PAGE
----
"Brother Sulien," remarked Cadfael, crossing the court afterwards with Brother Anselm the precentor and librarian, "has not been called by that title for some while, and is hardly likely to take kindly to it again now. And so Radulfus could have told him, for he knows the whole story of that young man as well as I do. But if he had said as much, this Herluin would not have listened, I suppose. 'Brother' means his own brother Eudo now to Sulien. He's in training for arms, and will be one of Hugh's young men of the garrison up there in the castle as soon as his mother dies, and they tell me that's very close now. And a married man, very likely, even before that happens. There'll be no going back to Ramsey."
"If his abbot sent the boy home to come to his own decision," said Anselm reasonably,"the sub-prior can hardly be empowered to bring too severe pressure on him to return. Argue and exhort as he may, he's helpless, and must know it, if the young man stands fast. It may well be," he added drily, "that what he hopes for from that quarter is a conscience fee in silver."
"Likely enough. And he may very well get it, too. There's more than one conscience in that house," agreed Cadfael, "feels a debt towards Ramsey. And what," he asked, "do you make of the other?"
"The young one? An enthusiast, with grace and fervour shining out of his creamy cheeks. Chosen to go with Herluin to temper the chill, would you say?"
"And where did he get that outlandish name of his?"
Tutilo! Yes," said Anselm, musing. "Not at his baptism! There must be a reason why they chose that for him. Tutilo you'll find among the March saints, though we don't pay him much attention here. He was a monk of Saint Gall, two hundred years and more ago since he died, and by all accounts he was a master of all the arts, painter, poet, musician and all. Perhaps we have a gifted lad among us. I must get him to try his hand on rebec or organetto, and see what he can do. We had the roving singer here once, do you remember? The little tumbler who got himself a wife out of the goldsmith's scullery before he left us. I mended his rebec for him. If this one can do better, maybe he has some small claim to the name they've given him. Sound him out, Cadfael, if you're to be their guide out to Longner this afternoon. Herluin will be hot on the heels of his strayed novice. Try your hand with Tutilo."
* * *
The path to the manor of Longner set off northeastward from the lanes of the Foregate, threaded a short, dense patch of woodland, and climbed over a low crest of heath and meadow to look down upon the winding course of the Severn, downstream from the town. The river was running high and turgid, rolling fallen branches and clumps of turf from the banks down in its currents. There had been ample snows in the winter, without any great gales or frosts. The thaw still filled the valleys everywhere with the soft rippling of water, even the meadows by the river and the brook whispered constantly and shimmered with lingering silver among the grass. The ford a short way upstream was already impassable, the island that helped foot traffic across at normal times was under water. But the ferryman poled his passengers across sturdily, so familiar and at ease with his troubled waters that storm, flood and calm were all one to him.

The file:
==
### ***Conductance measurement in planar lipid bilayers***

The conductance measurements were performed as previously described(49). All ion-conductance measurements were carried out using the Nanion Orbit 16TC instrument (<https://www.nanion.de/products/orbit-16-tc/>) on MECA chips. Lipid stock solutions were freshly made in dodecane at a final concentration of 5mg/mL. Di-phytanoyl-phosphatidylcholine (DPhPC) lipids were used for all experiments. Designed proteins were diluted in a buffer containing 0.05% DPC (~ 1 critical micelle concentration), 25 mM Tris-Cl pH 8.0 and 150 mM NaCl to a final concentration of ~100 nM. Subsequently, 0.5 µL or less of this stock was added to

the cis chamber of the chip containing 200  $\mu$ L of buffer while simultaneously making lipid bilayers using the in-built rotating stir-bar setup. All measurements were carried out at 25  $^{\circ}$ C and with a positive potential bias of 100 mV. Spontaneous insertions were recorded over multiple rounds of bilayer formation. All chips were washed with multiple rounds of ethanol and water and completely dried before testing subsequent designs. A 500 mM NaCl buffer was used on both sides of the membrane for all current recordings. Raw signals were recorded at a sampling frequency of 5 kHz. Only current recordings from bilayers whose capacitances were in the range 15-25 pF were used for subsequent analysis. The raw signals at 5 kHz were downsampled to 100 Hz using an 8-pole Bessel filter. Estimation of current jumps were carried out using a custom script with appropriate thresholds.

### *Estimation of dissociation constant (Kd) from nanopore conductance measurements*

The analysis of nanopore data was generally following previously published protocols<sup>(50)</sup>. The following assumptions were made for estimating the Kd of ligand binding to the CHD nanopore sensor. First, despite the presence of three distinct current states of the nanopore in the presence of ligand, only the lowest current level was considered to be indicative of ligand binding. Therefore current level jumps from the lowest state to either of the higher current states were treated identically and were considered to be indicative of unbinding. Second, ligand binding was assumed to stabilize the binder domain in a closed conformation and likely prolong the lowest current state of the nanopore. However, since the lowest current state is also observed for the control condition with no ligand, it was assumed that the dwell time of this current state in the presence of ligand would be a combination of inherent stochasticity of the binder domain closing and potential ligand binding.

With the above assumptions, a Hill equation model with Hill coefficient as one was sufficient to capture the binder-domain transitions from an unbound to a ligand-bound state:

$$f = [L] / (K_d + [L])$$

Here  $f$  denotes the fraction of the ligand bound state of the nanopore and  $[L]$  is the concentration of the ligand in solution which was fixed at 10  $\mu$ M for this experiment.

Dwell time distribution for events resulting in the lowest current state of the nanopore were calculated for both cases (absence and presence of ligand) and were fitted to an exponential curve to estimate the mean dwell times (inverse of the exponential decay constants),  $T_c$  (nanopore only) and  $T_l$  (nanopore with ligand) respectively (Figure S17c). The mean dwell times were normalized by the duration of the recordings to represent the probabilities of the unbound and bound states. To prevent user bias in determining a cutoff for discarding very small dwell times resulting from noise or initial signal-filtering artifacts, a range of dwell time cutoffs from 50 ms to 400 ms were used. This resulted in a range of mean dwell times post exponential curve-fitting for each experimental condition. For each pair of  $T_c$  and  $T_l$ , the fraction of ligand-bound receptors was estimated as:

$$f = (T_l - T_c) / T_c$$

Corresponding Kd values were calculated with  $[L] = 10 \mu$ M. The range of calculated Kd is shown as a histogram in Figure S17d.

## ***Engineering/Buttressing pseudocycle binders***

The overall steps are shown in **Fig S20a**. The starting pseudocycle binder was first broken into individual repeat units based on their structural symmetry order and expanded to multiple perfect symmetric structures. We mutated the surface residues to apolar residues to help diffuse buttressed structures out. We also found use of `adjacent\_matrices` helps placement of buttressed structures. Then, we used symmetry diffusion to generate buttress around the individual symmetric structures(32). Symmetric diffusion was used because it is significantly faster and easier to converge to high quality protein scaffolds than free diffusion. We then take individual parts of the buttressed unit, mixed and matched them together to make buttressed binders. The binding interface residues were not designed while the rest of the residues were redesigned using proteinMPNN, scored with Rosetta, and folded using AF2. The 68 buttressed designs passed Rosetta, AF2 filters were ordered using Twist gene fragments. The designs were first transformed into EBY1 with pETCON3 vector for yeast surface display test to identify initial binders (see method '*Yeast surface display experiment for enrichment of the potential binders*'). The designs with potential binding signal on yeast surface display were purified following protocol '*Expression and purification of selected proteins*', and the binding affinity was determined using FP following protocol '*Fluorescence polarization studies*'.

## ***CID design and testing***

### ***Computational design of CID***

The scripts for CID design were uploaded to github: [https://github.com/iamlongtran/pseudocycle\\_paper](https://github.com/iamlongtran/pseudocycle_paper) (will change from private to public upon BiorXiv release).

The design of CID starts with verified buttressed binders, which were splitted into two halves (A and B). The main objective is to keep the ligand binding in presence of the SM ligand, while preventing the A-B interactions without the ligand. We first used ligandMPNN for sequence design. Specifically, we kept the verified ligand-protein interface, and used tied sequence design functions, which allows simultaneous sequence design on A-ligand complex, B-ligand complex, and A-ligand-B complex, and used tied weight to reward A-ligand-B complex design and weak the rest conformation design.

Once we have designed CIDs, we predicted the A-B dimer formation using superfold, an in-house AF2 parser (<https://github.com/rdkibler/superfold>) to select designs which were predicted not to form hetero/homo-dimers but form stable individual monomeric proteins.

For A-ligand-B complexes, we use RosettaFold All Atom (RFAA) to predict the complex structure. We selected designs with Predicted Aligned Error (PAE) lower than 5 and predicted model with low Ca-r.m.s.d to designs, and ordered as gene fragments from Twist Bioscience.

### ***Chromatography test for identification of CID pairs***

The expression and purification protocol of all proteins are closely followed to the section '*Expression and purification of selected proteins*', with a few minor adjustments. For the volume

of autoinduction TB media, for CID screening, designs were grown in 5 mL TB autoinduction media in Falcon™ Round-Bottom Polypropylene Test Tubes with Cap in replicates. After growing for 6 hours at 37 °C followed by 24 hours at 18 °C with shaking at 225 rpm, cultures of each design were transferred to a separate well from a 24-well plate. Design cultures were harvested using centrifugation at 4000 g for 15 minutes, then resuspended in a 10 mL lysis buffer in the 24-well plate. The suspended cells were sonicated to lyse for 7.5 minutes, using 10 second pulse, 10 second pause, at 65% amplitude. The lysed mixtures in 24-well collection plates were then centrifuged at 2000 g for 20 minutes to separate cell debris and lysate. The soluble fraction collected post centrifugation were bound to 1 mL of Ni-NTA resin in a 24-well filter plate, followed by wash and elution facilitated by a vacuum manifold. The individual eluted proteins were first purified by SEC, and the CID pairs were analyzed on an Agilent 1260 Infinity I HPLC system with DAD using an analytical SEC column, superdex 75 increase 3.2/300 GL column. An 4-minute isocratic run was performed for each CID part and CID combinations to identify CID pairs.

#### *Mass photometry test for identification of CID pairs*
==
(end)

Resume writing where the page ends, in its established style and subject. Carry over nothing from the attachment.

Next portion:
On the further side of the Severn the path threaded wet water-meadows, the river lipping the bleached winter grass a yard inland already. If heavy Spring rains came on the hills of Wales, to follow the thaw-water, there would be flooding under the walls of Shrewsbury, and the Meole Brook and the mill pond would back up strongly and threaten even the nave of the abbey church. It had happened twice since Cadfael entered the Order. And westward the sky hung ponderous and grey, leaning upon the distant mountains.
They skirted the encroaching waters, below the dark ploughland of the Potter's Field, climbed thankfully inland up the gentle slope beyond, into the wellkept woodlands of the manor of Longner, and came to the clearing where the house backed snugly into the hillside, sheltered from the prevailing winds, and surrounded by its high stockade and the encrustation of demesne buildings within.
As they entered at the gate Sulien Blount came out from the stables to cross to the house. He wore leather jerkin and the working cotte and hose becoming a younger brother doing his share on his elder's estate until he could find occasion to carve out his own holding, as surely he would. At the sight of the trio entering he halted, stiffly at gaze, instantly recognizing his former spiritual superior, and startled to see him here so far from home. But at once he came to meet them, with reverent and perhaps slightly apprehensive courtesy. The stresses of the past year had removed him so far from the cloister and the tonsure that the reappearance so close to home of what was past and done seemed for a moment to offer a threat to his new and hard-earned composure, and the future he had chosen. Only for a moment. Sulien was in no doubt now of where he was going.
"Father Herluin, welcome to my home! I rejoice to see you well, and to know that Ramsey is restored to the Order. Will you not come within, and let us know in what particular we of Longner can serve you?"
"You cannot but understand," said Herluin, addressing himself warily to possible battle ahead, "in what state we have regained our abbey. For a year it has been the den of a rogue army, pillaged and stripped of everything burnable, even the walls defiled, where they did not shatter them before they departed. We have need of every son of the house, and every friend to the Order, to make good before God what has been desecrated. It is to you I come, and with you I wish to speak."
"A friend to the Order," said Sulien, "I hope I am. A son of Ramsey and a brother of its brothers I no longer am. Abbot Walter sent me back here, very fairly, to consider my vocation, which he knew to be dubious, and committed my probation to Abbot Radulfus, who has absolved me. But come within, and we can confer as friends. I will listen reverently, Father, and respect all you may have to say."
Excerpted from The Holy Thief by Ellis Peters. Copyright © 1992 Ellis Peters. Excerpted by permission of MysteriousPress.com.